Independently of the scepticism of many colleagues towards the various suggestions for a reconstruction of the Buddha statues the UNESCO/ICOMOS mission to Bamiyan in July 2002 focussed on practical and technical solutions to secure the existing remains with limited funds and thus to preserve these world-famous historic sites as places of memory for future generations. As part of the ICOMOS initiative to help save endangered cultural properties in Afghanistan, we were able to carry through a first investigation of the situation in Bamiyan by request of UNESCO. Putting questions of reconstruction aside, the aim of this investigation was to consider all possibilities for a necessary consolidation of the rock surface. The members of this team, who tried to produce a first survey in a few days, were, apart from the author of this report, Prof. Dr.-Ing. Michael Jansen, a member of ICOMOS Germany with years of experience at archaeological sites in this region, Dipl.-Ing. Mario Santana-Quintero, member of ICOMOS Venezuela, Dr. Jörg Fassbinder, geophysicist at the Bavarian State Conservation Office, and the Chinese colleague Dr.-Ing. Zou Yazou, geo-engineer, with whom we had already worked together some years ago during a cooperation between Bavarian and Chinese colleagues to consolidate the Great Buddha of Dafosi (see Der Grosse Buddha von Dafosi, ICOMOS-Hefte des Deutschen Nationalkomitees, vol. XVII, Munich 1996). The first aim in Bamiyan is of course to consolidate the rocks immediately around the two niches and the traces and remains of the Buddha statues which are still visible like silhouettes on the back walls of the niches. The heaps of rubble stretching as far as to the side rooms at the foot of the niches are not just "dust" and indefinable debris, but include big fragments, - quite obviously still the entire material of which the Buddha statues consisted before they were blown up. Just as much as the still visible remains of the figures on the back walls of the niches this is historic material that should be protected, salvaged layer by layer and assigned to the various parts of the statues. Particularly these heaps of fragments, themselves depressing witnesses of the destructive frenzy of the Taliban, were the focus of the measurements and photographic documentation of our ICOMOS team.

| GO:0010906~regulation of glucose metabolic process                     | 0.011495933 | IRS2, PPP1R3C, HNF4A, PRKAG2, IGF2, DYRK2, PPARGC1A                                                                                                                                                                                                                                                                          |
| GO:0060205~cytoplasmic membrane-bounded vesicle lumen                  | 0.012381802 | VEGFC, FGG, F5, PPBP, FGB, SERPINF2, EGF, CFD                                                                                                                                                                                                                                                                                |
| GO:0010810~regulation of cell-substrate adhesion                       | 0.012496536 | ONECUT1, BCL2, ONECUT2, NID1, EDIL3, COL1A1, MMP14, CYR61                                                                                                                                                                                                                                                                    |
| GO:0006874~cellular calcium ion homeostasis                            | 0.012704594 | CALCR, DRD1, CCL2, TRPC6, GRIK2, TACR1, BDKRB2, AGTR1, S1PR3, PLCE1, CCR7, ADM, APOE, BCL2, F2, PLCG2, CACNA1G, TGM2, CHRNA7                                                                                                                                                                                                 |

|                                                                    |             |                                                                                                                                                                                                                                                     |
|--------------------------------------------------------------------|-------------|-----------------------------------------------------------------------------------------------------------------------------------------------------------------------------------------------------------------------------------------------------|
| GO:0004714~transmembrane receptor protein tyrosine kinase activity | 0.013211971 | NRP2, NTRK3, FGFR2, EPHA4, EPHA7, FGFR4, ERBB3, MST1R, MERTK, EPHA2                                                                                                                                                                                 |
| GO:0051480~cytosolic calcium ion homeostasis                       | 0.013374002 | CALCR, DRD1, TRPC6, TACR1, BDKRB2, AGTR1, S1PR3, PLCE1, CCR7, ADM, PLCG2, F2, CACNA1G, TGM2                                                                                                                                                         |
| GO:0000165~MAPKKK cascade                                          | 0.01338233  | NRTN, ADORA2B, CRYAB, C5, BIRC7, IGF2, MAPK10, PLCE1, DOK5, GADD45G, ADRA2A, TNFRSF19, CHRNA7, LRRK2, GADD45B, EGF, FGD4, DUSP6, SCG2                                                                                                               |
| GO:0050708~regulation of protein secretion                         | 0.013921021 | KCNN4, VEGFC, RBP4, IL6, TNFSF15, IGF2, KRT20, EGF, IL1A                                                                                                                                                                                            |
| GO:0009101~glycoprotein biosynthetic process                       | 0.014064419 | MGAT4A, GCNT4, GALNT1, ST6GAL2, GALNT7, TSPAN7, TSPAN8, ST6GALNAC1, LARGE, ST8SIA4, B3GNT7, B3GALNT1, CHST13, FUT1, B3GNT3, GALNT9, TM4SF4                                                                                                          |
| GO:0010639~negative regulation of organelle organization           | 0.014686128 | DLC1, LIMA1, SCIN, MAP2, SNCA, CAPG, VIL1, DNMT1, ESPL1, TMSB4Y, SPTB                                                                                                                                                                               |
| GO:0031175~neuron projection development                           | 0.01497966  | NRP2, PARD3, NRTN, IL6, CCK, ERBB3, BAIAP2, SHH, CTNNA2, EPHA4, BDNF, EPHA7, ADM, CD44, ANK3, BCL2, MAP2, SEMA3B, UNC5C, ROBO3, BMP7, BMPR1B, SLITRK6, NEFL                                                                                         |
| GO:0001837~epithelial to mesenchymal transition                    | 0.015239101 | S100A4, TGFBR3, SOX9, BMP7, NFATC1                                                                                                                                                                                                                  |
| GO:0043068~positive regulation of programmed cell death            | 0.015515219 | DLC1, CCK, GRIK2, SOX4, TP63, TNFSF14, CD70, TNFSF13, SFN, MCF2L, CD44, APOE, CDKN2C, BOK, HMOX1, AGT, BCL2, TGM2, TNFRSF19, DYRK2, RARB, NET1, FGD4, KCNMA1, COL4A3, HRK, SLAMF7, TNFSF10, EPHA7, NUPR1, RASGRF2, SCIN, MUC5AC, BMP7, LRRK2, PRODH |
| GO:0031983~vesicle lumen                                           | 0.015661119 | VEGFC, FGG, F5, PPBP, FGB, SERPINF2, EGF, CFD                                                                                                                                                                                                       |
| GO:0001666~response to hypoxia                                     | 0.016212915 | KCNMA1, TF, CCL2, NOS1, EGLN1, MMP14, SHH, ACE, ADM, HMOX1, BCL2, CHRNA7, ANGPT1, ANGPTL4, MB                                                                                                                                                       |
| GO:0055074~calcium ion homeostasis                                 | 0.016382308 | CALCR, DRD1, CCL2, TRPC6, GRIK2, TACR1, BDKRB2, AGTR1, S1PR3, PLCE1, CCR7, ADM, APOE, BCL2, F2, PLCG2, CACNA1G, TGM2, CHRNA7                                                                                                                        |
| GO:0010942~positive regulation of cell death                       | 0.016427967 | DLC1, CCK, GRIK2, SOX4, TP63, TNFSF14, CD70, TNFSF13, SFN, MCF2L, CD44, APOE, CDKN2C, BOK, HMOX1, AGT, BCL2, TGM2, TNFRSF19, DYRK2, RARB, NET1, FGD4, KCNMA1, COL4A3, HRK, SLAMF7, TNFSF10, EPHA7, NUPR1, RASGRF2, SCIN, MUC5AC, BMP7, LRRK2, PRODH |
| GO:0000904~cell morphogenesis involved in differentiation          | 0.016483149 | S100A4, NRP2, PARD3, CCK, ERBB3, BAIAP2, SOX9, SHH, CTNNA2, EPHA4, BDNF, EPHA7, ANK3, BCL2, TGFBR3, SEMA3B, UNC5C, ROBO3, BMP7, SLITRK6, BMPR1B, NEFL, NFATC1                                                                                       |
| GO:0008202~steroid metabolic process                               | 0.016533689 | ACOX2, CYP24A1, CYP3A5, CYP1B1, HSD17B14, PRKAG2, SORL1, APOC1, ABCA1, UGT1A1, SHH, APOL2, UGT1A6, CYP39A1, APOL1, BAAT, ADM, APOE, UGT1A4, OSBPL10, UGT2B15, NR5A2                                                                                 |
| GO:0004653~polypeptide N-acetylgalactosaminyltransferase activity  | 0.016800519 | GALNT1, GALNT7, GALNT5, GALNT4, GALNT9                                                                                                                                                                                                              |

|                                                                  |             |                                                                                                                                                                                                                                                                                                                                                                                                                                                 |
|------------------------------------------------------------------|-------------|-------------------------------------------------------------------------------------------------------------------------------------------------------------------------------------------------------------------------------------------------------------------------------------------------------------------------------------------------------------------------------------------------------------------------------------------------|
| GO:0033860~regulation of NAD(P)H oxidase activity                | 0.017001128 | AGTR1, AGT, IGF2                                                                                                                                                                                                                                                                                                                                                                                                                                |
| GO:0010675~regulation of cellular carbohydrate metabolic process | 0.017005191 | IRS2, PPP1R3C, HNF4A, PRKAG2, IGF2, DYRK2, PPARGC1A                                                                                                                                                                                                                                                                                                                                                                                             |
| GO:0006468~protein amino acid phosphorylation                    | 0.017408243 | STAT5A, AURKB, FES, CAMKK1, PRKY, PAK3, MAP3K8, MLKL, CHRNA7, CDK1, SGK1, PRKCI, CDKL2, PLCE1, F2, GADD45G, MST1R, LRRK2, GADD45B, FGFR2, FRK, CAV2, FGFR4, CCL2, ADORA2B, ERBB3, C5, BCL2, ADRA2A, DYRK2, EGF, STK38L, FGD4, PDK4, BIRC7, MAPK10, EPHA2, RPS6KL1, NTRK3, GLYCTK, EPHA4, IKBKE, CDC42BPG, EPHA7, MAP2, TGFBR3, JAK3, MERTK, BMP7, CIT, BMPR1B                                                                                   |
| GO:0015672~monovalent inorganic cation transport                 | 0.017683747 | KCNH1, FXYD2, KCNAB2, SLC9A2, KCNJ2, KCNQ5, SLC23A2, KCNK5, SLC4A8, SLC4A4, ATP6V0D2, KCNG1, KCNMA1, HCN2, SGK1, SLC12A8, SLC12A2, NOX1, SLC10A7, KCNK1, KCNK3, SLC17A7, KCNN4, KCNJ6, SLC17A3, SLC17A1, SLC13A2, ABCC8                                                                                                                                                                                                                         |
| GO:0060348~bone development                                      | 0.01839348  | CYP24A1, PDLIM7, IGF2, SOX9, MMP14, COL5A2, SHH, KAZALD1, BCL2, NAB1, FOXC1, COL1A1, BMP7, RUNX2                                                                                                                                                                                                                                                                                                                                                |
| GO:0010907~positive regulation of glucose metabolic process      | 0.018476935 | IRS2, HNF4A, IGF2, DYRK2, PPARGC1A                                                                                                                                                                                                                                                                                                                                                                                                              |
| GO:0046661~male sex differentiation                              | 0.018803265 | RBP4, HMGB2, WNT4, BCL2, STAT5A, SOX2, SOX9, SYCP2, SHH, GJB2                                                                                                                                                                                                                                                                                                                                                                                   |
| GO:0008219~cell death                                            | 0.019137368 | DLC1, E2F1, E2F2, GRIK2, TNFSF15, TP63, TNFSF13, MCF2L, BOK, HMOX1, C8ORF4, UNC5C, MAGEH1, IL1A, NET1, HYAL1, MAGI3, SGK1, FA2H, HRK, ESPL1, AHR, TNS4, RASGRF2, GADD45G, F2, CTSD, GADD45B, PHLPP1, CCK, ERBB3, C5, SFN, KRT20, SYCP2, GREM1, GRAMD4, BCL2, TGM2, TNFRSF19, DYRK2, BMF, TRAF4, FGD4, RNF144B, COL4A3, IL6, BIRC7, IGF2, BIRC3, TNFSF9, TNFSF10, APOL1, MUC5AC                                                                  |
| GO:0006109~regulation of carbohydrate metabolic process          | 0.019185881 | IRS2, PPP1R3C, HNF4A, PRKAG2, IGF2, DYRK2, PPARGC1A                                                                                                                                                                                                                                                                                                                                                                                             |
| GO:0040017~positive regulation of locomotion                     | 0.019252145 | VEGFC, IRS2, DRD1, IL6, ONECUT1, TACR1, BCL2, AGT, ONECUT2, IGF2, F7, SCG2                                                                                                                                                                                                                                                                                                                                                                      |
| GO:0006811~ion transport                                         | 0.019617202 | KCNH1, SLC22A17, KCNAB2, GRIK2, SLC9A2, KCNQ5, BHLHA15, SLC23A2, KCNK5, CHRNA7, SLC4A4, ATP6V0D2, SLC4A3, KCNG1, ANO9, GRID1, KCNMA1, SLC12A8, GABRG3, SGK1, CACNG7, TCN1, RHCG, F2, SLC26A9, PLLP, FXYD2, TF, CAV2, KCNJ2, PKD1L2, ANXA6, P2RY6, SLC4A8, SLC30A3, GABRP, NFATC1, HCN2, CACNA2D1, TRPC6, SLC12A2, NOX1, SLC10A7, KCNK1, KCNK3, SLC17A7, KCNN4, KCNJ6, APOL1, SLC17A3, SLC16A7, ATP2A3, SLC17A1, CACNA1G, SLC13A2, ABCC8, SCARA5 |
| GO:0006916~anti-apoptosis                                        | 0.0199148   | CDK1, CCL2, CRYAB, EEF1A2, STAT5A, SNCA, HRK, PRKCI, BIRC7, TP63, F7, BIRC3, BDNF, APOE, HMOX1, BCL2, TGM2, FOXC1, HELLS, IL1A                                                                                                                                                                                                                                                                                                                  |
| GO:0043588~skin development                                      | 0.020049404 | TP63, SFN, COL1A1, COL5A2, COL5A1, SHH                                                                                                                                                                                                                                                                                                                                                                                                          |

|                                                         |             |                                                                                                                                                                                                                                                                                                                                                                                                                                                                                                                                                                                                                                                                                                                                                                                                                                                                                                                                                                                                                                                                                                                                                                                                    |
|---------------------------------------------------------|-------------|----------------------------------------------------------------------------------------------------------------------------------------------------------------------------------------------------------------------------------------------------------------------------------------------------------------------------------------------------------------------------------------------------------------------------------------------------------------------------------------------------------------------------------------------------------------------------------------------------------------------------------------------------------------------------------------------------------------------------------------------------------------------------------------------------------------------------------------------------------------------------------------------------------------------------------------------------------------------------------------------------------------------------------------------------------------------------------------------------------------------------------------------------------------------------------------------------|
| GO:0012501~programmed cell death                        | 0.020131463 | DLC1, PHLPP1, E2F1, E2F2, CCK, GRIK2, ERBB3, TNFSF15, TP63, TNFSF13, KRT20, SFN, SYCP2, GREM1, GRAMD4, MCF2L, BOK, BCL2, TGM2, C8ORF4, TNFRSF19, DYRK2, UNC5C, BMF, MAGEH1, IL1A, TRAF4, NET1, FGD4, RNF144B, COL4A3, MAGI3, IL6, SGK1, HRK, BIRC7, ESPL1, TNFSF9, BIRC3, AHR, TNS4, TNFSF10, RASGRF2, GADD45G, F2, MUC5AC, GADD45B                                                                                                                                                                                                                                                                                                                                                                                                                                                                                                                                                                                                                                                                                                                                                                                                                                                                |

In contrast to the above-mentioned ideas of a reconstruction, uttered without detailed knowledge of the situation and highly problematic for the reasons mentioned above, these fragments are pointing at a conservation concept called anastylosis which is common practice at many archaeological sites world-wide. This method developed in the field of classical archaeology but also applicable for partially destroyed monuments of later epochs, is referred to in article 15 of the Venice Charter. "All reconstruction work should however be ruled out a priori. Only anastylosis, that is to say, the reassembling of existing but dismembered parts can be permitted. The material used for integration should always be recognisable and its use should be the least that will ensure the conservation of a monument and the reinstatement of its form." Even if the task may seem unusual in view of the enormous dimensions of the giant statues (the Great Buddha being 55 m, the Small Buddha 38 m), anastylosis is quite common in conservation practice and in this case seems even urgent if one wants to save the entire historic substance still extant. During the preliminary work for the anastylosis, which should go ahead at the same time as the consolidation of the rock to enable a sensible co-ordination of the steps of work, a whole range of technical details would has to be solved.